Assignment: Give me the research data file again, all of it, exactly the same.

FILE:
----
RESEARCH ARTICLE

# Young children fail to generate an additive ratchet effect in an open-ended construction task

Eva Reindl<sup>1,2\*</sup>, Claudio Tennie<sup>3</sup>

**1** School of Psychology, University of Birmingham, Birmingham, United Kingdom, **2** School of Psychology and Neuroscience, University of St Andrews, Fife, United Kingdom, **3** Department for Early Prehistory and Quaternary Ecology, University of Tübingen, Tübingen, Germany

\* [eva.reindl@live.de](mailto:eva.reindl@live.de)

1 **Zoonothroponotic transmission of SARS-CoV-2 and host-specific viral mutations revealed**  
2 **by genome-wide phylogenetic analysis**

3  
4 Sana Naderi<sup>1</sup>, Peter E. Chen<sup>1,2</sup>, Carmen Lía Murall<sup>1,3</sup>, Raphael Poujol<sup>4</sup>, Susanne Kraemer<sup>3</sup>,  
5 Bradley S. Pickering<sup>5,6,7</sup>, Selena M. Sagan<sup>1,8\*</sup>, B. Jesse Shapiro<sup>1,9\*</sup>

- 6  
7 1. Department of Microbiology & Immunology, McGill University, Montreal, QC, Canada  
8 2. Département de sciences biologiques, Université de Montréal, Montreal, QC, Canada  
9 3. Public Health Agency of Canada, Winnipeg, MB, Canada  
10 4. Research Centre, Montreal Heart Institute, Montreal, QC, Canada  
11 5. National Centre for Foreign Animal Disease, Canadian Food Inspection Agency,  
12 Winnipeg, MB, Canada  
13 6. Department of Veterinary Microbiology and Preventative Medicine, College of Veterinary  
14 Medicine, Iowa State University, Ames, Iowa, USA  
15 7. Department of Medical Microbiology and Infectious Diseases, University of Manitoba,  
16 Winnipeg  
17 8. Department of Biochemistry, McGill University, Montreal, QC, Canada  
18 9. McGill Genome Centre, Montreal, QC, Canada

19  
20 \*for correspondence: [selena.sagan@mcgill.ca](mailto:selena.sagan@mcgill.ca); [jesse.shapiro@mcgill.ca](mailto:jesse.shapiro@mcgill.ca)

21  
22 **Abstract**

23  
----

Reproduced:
RESEARCH ARTICLE

# Young children fail to generate an additive ratchet effect in an open-ended construction task

Eva Reindl<sup>1,2\*</sup>, Claudio Tennie<sup>3</sup>

**1** School of Psychology, University of Birmingham, Birmingham, United Kingdom, **2** School of Psychology and Neuroscience, University of St Andrews, Fife, United Kingdom, **3** Department for Early Prehistory and Quaternary Ecology, University of Tübingen, Tübingen, Germany

\* [eva.reindl@live.de](mailto:eva.reindl@live.de)

1 **Zoonothroponotic transmission of SARS-CoV-2 and host-specific viral mutations revealed**  
2 **by genome-wide phylogenetic analysis**

3  
4 Sana Naderi<sup>1</sup>, Peter E. Chen<sup>1,2</sup>, Carmen Lía Murall<sup>1,3</sup>, Raphael Poujol<sup>4</sup>, Susanne Kraemer<sup>3</sup>,  
5 Bradley S. Pickering<sup>5,6,7</sup>, Selena M. Sagan<sup>1,8\*</sup>, B. Jesse Shapiro<sup>1,9\*</sup>

- 6  
7 1. Department of Microbiology & Immunology, McGill University, Montreal, QC, Canada  
8 2. Département de sciences biologiques, Université de Montréal, Montreal, QC, Canada  
9 3. Public Health Agency of Canada, Winnipeg, MB, Canada  
10 4. Research Centre, Montreal Heart Institute, Montreal, QC, Canada  
11 5. National Centre for Foreign Animal Disease, Canadian Food Inspection Agency,  
12 Winnipeg, MB, Canada  
13 6. Department of Veterinary Microbiology and Preventative Medicine, College of Veterinary  
14 Medicine, Iowa State University, Ames, Iowa, USA  
15 7. Department of Medical Microbiology and Infectious Diseases, University of Manitoba,  
16 Winnipeg  
17 8. Department of Biochemistry, McGill University, Montreal, QC, Canada  
18 9. McGill Genome Centre, Montreal, QC, Canada

19  
20 \*for correspondence: [selena.sagan@mcgill.ca](mailto:selena.sagan@mcgill.ca); [jesse.shapiro@mcgill.ca](mailto:jesse.shapiro@mcgill.ca)

21  
22 **Abstract**

23  